Rachel Garfield: The struggle

2 out of 5 stars
4 out of 5 stars
(2user reviews)
Courtesy the artist and Beaconsfield Rachel Garfield, 'The Struggle: Part 1 – The Straggle', 2012

Contrary to the exhibition's resolute title 'The Struggle', new film 'The Straggle' (sic) is not particularly compelling. Shown in the gallery's formidable archway space, this 20-minute video is the first in a series of films exploring the personal impacts of politicised familial interactions. This work-in-progress that will develop during the artist's Beaconsfield residency, will continue with films on the effects of growing up in military and religious, environments. Covering state, army and church, the spurious nature of this research project's thesis is comical almost to the point of farce.

Grainily shot to suit its degraded archive footage, 'The Straggle' splices together interviews with people who grew up in left-wing families, with clips from movies and some rather pedestrian cabaret by 'socialist magician' Ian Saville. Although the performer's inclusion is promising – he proposes 'a dialectically opposite way of performing' the usual tricks – his role within the film is never resolved. What's more, the sound quality is poor, making it difficult to follow the narrative.

More successful is Garfield's 2009 collaborative work with filmmaker Stephen Dwoskin, discussing the role of the artist. With unfortunate prescience, here Garfield notes her fatigue with making art that no one wants to look at. Melding anecdote with historical account can be a successful, artistic approach. But lacking both factual clout and artistic craft, these works seem diminutive in a landscape dominated by consummate documentary practices.


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1 person listening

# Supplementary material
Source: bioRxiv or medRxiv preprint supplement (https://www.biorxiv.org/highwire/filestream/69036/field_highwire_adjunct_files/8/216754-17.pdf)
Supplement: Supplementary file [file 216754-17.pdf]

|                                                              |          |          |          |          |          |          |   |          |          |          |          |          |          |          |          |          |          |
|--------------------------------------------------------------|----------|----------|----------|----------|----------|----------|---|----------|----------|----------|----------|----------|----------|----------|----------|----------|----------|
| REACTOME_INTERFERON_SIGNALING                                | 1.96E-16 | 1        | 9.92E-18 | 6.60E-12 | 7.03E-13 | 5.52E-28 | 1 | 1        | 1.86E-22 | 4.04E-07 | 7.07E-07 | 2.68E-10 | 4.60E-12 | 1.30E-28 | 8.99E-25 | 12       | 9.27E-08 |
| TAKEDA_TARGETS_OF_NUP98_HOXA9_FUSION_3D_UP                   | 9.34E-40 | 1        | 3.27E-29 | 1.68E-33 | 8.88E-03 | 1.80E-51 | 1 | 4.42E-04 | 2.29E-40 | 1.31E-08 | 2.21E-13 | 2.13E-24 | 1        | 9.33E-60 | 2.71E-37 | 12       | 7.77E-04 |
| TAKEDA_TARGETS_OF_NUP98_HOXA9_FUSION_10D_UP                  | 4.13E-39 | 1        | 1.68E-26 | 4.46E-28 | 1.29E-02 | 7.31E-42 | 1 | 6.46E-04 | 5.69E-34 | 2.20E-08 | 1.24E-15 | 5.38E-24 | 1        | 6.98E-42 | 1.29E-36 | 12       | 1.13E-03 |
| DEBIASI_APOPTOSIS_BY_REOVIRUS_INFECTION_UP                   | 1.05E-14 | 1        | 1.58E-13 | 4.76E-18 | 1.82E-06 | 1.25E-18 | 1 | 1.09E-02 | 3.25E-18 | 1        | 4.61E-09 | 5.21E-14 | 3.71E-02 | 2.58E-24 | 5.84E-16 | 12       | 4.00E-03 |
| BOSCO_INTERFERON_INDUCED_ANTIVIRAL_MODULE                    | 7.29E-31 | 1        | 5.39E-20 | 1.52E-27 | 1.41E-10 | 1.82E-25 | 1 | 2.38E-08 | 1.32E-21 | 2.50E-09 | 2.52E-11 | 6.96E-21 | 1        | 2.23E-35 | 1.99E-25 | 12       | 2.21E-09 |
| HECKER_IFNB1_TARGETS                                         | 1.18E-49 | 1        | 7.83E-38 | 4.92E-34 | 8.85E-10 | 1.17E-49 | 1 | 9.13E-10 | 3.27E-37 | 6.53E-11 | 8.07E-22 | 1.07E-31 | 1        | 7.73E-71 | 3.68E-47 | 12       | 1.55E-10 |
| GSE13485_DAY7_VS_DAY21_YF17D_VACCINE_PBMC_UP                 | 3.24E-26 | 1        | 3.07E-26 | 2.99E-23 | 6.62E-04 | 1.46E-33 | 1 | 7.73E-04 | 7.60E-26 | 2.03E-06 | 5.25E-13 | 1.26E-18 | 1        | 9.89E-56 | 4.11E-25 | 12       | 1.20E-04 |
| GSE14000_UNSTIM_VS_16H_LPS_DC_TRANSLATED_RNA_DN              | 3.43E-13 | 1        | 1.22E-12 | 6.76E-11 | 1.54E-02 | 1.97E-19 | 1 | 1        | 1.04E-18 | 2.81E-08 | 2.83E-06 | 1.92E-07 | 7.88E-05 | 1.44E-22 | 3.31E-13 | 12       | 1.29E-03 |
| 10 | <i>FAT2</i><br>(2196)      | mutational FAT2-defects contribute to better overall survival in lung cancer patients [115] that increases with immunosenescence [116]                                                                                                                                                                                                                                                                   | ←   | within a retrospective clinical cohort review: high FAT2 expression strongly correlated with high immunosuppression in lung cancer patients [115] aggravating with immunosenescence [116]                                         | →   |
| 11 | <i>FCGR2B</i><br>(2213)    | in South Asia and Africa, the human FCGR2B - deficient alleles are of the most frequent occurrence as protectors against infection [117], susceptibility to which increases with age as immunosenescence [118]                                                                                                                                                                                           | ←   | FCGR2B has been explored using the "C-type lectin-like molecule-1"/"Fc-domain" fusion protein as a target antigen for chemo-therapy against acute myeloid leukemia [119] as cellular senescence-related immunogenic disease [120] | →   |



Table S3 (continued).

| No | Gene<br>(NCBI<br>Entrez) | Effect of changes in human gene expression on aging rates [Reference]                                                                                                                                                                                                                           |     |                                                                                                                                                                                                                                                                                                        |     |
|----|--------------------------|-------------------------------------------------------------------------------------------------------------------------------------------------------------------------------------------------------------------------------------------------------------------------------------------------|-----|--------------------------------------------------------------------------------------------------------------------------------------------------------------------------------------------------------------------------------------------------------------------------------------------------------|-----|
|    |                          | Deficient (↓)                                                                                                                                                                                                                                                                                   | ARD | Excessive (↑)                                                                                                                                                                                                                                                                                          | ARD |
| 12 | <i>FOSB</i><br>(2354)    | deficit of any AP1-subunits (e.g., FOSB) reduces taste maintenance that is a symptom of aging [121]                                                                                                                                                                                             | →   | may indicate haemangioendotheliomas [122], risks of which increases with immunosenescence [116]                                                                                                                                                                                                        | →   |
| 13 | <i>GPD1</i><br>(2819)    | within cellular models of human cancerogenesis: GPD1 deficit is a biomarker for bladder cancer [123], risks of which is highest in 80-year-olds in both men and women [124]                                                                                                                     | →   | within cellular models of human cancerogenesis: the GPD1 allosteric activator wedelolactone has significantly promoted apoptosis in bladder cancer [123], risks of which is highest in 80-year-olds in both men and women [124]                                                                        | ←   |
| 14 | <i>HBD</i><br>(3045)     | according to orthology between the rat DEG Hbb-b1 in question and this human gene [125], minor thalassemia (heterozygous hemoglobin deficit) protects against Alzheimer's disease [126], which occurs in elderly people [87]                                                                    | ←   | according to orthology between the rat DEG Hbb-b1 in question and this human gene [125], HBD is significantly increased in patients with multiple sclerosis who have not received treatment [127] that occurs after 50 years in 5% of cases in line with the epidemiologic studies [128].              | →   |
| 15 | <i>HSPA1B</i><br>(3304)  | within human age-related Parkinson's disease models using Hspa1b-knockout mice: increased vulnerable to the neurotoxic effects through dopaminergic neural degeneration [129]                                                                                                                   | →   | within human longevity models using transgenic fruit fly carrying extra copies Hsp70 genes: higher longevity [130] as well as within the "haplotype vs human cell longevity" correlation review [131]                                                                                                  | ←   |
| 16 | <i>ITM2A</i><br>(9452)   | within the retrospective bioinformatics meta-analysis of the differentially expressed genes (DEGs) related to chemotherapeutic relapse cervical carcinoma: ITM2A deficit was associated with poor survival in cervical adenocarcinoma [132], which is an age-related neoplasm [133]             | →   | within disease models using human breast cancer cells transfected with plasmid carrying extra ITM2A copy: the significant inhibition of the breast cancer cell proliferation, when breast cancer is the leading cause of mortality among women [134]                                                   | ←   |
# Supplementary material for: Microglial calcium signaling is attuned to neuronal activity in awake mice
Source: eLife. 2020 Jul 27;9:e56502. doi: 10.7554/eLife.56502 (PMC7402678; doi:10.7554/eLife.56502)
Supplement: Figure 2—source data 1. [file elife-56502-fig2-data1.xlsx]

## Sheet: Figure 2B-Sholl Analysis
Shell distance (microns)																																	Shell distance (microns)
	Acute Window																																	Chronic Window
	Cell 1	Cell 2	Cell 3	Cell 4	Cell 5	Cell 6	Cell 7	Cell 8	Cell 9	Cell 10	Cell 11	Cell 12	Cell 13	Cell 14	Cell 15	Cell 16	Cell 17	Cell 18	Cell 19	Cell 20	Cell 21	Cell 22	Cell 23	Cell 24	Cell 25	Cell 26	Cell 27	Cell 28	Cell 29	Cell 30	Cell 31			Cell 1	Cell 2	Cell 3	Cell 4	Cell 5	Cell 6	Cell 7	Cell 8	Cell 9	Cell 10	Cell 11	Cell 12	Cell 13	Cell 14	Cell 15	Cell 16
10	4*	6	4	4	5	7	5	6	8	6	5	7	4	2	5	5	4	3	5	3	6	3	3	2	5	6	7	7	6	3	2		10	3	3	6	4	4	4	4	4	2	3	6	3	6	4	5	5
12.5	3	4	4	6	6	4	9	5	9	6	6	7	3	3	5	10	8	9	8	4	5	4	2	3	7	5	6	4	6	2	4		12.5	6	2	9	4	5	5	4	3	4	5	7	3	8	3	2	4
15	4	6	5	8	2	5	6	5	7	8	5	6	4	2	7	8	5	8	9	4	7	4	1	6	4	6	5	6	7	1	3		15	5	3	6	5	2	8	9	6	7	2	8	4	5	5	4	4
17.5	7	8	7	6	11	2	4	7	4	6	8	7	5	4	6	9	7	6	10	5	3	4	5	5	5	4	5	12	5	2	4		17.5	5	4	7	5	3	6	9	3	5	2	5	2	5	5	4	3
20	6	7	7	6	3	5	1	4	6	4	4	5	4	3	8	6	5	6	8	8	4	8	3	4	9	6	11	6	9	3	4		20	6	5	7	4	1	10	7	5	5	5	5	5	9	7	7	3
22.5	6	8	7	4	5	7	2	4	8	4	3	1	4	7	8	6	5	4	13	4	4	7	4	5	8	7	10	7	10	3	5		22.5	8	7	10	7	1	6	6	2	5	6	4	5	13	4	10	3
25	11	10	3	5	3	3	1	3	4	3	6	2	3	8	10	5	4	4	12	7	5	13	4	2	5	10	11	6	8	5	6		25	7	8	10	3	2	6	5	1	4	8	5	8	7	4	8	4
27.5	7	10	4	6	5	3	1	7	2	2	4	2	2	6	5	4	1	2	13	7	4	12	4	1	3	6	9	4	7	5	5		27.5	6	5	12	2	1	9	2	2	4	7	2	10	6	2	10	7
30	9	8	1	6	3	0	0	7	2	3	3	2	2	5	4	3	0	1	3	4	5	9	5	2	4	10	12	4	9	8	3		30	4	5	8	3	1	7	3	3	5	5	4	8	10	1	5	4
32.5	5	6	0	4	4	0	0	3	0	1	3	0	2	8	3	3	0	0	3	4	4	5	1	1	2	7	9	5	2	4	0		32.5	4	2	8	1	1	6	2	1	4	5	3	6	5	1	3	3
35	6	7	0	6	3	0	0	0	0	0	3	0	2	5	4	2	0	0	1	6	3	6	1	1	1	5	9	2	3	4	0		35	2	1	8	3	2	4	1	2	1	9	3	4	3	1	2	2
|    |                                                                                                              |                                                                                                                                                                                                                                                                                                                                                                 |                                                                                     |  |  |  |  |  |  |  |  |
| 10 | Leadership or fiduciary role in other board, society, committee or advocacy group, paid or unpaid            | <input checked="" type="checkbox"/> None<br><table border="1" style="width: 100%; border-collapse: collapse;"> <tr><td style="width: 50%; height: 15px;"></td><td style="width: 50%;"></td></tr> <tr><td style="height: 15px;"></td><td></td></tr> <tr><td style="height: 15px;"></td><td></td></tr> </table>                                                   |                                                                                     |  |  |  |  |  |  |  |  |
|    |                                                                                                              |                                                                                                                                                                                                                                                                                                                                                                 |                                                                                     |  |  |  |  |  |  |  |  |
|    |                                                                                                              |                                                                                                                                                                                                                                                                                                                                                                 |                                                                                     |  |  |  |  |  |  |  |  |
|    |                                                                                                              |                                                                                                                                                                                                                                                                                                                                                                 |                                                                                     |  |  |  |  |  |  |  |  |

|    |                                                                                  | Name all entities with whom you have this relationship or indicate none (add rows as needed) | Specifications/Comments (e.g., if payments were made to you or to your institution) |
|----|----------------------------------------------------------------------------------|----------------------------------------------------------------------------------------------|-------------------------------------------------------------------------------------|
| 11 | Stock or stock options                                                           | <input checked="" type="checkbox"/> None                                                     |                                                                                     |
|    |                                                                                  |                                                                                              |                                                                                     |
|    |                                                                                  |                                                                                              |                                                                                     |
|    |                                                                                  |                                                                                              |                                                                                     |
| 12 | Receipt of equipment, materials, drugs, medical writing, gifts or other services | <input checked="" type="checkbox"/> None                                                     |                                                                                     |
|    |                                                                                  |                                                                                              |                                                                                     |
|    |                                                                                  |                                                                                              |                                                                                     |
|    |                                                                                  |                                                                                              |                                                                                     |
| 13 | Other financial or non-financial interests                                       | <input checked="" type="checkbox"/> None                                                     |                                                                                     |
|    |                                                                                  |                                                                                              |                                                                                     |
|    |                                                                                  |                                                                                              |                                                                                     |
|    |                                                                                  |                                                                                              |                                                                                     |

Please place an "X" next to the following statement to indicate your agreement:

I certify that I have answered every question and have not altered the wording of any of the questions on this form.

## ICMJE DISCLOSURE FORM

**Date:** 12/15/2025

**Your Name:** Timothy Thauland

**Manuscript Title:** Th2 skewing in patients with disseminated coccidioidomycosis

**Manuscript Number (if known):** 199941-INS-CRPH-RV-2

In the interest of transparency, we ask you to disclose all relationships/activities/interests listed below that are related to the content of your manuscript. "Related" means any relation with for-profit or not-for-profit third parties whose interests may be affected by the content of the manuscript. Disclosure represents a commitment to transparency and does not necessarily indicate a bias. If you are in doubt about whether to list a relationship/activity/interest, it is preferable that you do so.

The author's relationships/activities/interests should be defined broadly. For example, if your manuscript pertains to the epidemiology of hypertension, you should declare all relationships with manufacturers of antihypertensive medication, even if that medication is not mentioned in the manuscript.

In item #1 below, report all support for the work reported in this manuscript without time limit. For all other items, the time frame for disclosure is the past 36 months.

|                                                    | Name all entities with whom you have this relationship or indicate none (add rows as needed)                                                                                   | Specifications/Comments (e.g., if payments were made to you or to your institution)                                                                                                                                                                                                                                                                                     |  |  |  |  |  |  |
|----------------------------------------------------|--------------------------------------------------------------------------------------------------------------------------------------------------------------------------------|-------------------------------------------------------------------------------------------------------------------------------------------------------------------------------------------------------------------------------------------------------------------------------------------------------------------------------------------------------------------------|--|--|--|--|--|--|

t’s clear that Rosie Doubal did not like the piece the straggle by Rachel Garfield. What is less clear and frankly puzzling is the source of the seemingly personal dislike for Rachel and her work. She criticizes the acoustics at the Beaconsfield and it’s true that the acoustics could use some improvement but how is that a criticism of the work itself? She refers to the’ spurious’ nature of the work but gives the opinion no context. To whom is the work spurious? Certainly not to me one of the film’s subjects. Is Doubal saying that children are not affected by being brought up by parents with a world view not endorsed by the mainstream? Or is she simply saying she isn’t interested in it? Unfortunately the nastiness of the piece gets in the way of her meaning - in fact one suspects that Doubal simply likes stringing words together caring little about their import or impact. She refers to the ‘degraded’ archive footage. She refers to the’ grainy’ film – the film was shot at close range with the minimum of equipment giving it, in my view at least, both an intimacy and an immediacy which is very arresting. She even manages to have a dig at the comedian and perhaps it is here that her real lack of understanding and sympathy for the subject matter shows itself. Savil was included because he is funny. Hey guess what politicos have a sense of humour! True you may need some understanding of left politics to appreciate his humour and perhaps that is what Doubal lacks. If she had just been able to admit that perhaps she would not have felt the need to snipe under the inadequate cover of criticism. I am no artist but have no difficulty understanding when someone is being unpleasant for the sake of it. An opportunity missed.

Perhaps in a world of high production values – digital TV, Hollywood and ”a landscape dominated by consummate documentary practices” – it is easy not to appreciate the counter aesthetics and traditions of experimental film with its crash edits and jump cuts. In describing this project of art as one of ‘research' the reviewer seems to have missed the point a little, whilst having a strong idea of what she thinks the work should be about – rather than reading the work on its own terms.